How a very talented baseball fan is bringing baseball cards back in style by hand

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Hand-drawn baseball cards may be the coolest new trend in baseball you didn't know about.  Twitter: GummyArts

Creation beginneths with Joaquin Andujar and white space. Or it does for Mike Noren, anyway.

Noren is a 43-year-old Chicago-based writer, editor, and Brazilian jiu-jitsu instructor. He's also a unique and dedicated practitioner of celebrating old baseball cards, which he does by hand-drawing them and sharing them on his website Gummy Arts. The process starts the same way each time with the aforementioned materials: Noren traces around his copy of Andujar's 1984 Topps card, establishing the proper dimensions for his latest work.

Next the magic happens. Though Jonathan Strange and Gilbert Norrell are not involved, Noren's creations cast a spell on anyone who views them -- leaving everyone feeling younger as a result, including the artist. "I used to draw a lot when I was a kid, but then for a long time I didn't draw at all," Noren told CBS Sports about his drawing expertise. "A few years ago, my girlfriend bought me a doodle-a-day desk calendar, so I got in the habit of doing a quick drawing every night before bed. Over time, the drawings got more involved, I'd post some on Facebook, and friends seemed to like them, so I decided to take on a bigger drawing project."

The bigger drawing project was "Cecil Cooperstown," a Tumblr designed to serve as a visual Hall of Very Good. Noren would comb through Baseball-Reference's pages, ensuring he captured the likeness of the Hall of Fame's top snubs. He's since altered his vision. Nowadays, Noren includes any player who captures his imagination -- regardless of their career or lack thereof. The loosened standards has led to a bottleneck situation, not unlike the one faced by the Hall of Fame itself: a player placed upon Noren's to-draw list could wait months before being drawn. The drawing themselves, however, tend to be borne out within a half hour.

Predictably, Noren is passionate about baseball cards. His collection ranges from the the "T206 tobacco cards to the present day." The cards he draws often come from his own stack, or from a book detailing Topps' cards of the '60s. When all else fails, there's always Google. "Once I select a player, I'll look through the cards for interesting poses/expressions, fun hairstyles/sideburns, great '70s uniforms, or whatever else makes the card distinctive," he said. "I have the most trouble drawing clean-cut normal-looking people, so if a guy has a card with scraggly hair, shades, or a big mustache, I'll probably choose that one."

Noren is far from the only one enchanted by big mustaches and baseball cards. Gummy Arts has more than 3,000 followers on Twitter, and recently the National Pastime Museum asked him to author a card for every player in the actual Hall of Fame. Simple as they may be, cardboard bearing an image and statistics that is sometimes packaged with gum, baseball cards remain baseball's most effective conduit for connecting fans.

"At heart, we want to share our love with others and others care more if they understand our love," said artist and Baseball Prospectus owner Stephen Reichert. "Baseball cards have the potential for universal appeal. We all know what the '86 Donruss Canseco looks like and what it meant to get it in a pack and we all know who '[****] face' is. We know because we lived it and held it and talked about it and dreamt of it and traded it and tried to bat like Rickey Henderson and Julio Franco because of the photos on the cards."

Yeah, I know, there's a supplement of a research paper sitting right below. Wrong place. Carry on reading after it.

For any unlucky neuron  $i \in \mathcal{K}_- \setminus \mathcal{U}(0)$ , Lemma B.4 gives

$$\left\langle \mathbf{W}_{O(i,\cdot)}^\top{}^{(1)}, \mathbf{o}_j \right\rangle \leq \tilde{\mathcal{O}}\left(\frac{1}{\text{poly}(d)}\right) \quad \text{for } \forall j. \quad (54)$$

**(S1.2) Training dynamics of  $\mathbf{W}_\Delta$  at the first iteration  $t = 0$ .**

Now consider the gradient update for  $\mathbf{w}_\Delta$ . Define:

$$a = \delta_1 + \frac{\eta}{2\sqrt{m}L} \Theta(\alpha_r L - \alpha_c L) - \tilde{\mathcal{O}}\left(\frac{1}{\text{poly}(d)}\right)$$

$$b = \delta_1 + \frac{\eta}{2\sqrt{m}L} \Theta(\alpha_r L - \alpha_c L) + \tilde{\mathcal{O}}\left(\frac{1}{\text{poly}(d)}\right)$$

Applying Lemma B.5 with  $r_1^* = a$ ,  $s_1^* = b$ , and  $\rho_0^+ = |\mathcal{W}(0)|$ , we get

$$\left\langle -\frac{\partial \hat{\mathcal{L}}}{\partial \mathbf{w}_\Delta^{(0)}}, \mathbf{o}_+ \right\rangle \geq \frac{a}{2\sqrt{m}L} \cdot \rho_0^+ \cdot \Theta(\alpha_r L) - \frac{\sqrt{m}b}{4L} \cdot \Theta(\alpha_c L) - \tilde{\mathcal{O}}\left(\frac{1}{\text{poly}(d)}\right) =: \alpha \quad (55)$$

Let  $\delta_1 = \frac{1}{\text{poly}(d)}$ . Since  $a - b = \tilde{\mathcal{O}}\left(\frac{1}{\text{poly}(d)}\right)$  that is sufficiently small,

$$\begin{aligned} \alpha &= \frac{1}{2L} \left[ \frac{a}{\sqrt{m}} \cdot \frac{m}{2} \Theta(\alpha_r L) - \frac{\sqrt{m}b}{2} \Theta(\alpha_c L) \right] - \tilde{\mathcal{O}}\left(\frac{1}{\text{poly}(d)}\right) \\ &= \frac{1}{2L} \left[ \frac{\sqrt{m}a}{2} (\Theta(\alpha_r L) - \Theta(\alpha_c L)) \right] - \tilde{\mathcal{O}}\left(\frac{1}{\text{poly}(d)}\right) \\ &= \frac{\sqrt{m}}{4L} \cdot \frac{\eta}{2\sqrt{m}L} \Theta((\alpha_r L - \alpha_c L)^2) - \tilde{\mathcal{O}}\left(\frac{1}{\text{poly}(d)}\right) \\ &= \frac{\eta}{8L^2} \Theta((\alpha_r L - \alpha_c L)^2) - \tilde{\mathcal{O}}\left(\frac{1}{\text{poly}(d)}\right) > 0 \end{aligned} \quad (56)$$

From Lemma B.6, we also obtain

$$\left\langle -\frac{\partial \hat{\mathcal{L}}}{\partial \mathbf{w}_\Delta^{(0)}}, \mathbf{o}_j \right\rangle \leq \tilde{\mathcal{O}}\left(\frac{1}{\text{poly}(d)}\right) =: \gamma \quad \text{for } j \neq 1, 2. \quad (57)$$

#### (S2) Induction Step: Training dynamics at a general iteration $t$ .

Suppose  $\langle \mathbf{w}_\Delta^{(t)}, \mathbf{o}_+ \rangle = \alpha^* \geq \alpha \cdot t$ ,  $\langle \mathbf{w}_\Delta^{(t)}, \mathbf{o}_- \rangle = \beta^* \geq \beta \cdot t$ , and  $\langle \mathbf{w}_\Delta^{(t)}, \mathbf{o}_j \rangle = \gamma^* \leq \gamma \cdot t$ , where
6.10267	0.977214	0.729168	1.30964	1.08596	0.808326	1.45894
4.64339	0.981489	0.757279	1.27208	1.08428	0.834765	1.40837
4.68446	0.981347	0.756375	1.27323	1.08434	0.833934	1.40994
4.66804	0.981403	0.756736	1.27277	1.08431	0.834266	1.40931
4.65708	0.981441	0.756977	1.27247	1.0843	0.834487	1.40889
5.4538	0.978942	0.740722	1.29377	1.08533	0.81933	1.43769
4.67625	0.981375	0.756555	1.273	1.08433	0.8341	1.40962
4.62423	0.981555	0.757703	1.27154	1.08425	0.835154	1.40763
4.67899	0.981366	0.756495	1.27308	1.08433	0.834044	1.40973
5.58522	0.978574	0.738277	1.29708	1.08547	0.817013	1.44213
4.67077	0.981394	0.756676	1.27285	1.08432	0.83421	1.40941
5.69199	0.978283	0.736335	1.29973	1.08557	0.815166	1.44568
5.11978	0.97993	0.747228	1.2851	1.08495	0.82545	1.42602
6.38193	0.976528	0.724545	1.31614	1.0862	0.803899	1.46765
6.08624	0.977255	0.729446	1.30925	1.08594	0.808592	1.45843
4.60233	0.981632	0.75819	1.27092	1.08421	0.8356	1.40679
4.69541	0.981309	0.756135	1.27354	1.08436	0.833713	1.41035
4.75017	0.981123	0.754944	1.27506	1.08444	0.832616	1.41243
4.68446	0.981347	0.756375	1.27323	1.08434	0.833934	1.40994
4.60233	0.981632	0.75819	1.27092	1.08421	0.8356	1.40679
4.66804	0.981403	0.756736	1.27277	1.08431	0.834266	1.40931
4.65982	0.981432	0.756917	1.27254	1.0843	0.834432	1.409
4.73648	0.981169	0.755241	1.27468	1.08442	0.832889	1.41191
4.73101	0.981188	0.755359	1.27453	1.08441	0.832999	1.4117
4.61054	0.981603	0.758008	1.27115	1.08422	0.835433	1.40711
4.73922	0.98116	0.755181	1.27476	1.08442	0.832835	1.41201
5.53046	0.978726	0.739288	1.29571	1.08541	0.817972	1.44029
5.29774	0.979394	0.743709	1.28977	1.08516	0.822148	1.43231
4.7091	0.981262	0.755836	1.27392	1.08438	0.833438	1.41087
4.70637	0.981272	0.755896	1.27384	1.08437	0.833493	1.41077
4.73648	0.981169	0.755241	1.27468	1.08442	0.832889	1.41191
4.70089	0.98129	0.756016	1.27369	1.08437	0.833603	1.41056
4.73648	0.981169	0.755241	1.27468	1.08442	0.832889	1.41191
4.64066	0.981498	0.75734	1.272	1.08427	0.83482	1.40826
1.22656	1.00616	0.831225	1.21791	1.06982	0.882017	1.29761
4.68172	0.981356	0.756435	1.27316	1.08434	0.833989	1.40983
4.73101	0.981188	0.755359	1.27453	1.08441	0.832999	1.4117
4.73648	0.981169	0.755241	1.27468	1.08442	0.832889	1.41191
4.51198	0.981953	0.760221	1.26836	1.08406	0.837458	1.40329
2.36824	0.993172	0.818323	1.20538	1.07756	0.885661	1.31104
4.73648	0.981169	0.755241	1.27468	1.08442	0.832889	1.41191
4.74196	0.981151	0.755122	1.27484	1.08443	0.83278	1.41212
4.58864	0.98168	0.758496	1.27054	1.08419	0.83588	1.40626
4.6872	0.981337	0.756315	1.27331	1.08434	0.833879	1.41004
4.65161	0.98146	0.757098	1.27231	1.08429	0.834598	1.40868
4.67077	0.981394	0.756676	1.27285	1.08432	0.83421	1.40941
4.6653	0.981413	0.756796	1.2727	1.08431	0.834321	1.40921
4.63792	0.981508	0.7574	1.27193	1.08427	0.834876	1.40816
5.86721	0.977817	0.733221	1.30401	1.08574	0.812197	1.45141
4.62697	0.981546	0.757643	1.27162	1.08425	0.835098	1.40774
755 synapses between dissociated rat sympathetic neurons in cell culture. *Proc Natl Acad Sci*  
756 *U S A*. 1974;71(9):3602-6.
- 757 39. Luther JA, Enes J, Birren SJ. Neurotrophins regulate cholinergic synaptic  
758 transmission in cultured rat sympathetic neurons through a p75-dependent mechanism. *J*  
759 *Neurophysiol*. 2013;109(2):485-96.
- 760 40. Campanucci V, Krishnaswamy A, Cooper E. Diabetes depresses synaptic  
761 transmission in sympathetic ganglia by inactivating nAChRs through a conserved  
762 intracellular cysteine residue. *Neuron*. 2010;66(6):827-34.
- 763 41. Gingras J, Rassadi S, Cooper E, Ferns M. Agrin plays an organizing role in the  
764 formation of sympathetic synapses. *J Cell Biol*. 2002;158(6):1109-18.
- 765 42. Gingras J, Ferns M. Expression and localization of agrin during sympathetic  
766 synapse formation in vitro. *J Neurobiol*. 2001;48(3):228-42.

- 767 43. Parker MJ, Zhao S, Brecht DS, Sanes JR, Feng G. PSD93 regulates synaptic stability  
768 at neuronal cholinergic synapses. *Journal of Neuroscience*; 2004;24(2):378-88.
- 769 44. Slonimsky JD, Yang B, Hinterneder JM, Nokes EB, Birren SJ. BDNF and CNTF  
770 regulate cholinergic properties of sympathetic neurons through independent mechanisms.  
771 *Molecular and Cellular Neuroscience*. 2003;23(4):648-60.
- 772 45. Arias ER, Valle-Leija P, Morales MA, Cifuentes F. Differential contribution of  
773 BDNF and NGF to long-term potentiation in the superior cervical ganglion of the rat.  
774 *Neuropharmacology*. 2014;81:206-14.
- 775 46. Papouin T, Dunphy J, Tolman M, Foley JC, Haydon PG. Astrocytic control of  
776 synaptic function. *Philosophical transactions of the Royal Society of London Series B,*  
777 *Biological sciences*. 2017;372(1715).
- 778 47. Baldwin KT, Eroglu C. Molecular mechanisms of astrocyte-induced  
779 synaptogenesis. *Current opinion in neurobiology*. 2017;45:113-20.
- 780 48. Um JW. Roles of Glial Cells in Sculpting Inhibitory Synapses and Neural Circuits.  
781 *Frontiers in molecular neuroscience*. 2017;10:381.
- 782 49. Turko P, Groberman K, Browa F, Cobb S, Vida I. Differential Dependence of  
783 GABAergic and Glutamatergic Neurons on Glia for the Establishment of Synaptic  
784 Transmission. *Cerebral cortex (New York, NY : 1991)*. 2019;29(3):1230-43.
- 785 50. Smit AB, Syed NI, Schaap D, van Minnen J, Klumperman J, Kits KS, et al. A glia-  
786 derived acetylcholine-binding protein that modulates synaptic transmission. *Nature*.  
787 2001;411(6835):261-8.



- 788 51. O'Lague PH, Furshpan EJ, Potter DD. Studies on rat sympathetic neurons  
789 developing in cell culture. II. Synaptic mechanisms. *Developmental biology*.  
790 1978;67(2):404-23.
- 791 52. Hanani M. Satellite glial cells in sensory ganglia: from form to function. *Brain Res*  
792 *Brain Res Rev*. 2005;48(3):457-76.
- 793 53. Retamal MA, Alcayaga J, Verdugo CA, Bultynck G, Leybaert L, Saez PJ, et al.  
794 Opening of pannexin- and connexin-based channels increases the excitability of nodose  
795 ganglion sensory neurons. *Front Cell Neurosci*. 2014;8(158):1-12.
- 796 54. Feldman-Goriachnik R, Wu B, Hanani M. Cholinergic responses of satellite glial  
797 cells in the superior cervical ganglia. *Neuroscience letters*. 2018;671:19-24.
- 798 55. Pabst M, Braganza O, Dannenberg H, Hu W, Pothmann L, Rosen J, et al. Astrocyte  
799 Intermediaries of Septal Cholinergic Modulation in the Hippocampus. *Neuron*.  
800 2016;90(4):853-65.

Many seem to agree with Reichert's assertions. Literature, baseball or otherwise, is scattered with references and allusions to cards. Be it Stephen King, Joan Didion, Michael Chabon; metaphorical or literal. "For a long time, I knew how to find happiness. All I needed was a quarter," Josh Wilker wrote in Cardboard Gods about the joy baseball cards brought him as a child. "[I love (recklessly, dumbly, intensely) the sense of possibility that accompanies the first little tear of the plastic wrapping and that follows until every last card has been turned over and all their identities are known," read a recent entry on Baseball Prospectus. And so on.

Gummy Arts has found a following, then, because it offers similar sensations to those gained from opening cards. "There's a little bit of excitement each time you open a pack or even see a stack of baseball cards. There could be a jewel hiding in there. For a lot of us, it reminds you of being a kid," said Mike Oz, a writer for Yahoo Sports whose "Opening 25-Year-Old Baseball Cards" video series has included appearances from Pedro Martinez and Clayton Kershaw. "That's what makes baseball cards so much fun. Even with something like Gummy Arts where there's no actual card you're chasing, just seeing a piece of baseball artwork in baseball-card form gives you that nostalgic feeling of being a kid and falling in love with baseball."

Fans of Gummy Arts eventually might be able to conjure those feelings through different means. While Noren mostly keeps or gifts his cards, he has opened a shop and aspires to produce a book or card set of his work someday in the future. Until then, Noren will continue bringing the past to the present, one drawing at a time.

CBS Sports Staff

R.J. Anderson joined CBS Sports in 2016. He previously wrote for Baseball Prospectus, where he contributed to five of the New York Times bestselling annuals. His work has also appeared in Newsweek and... Full Bio

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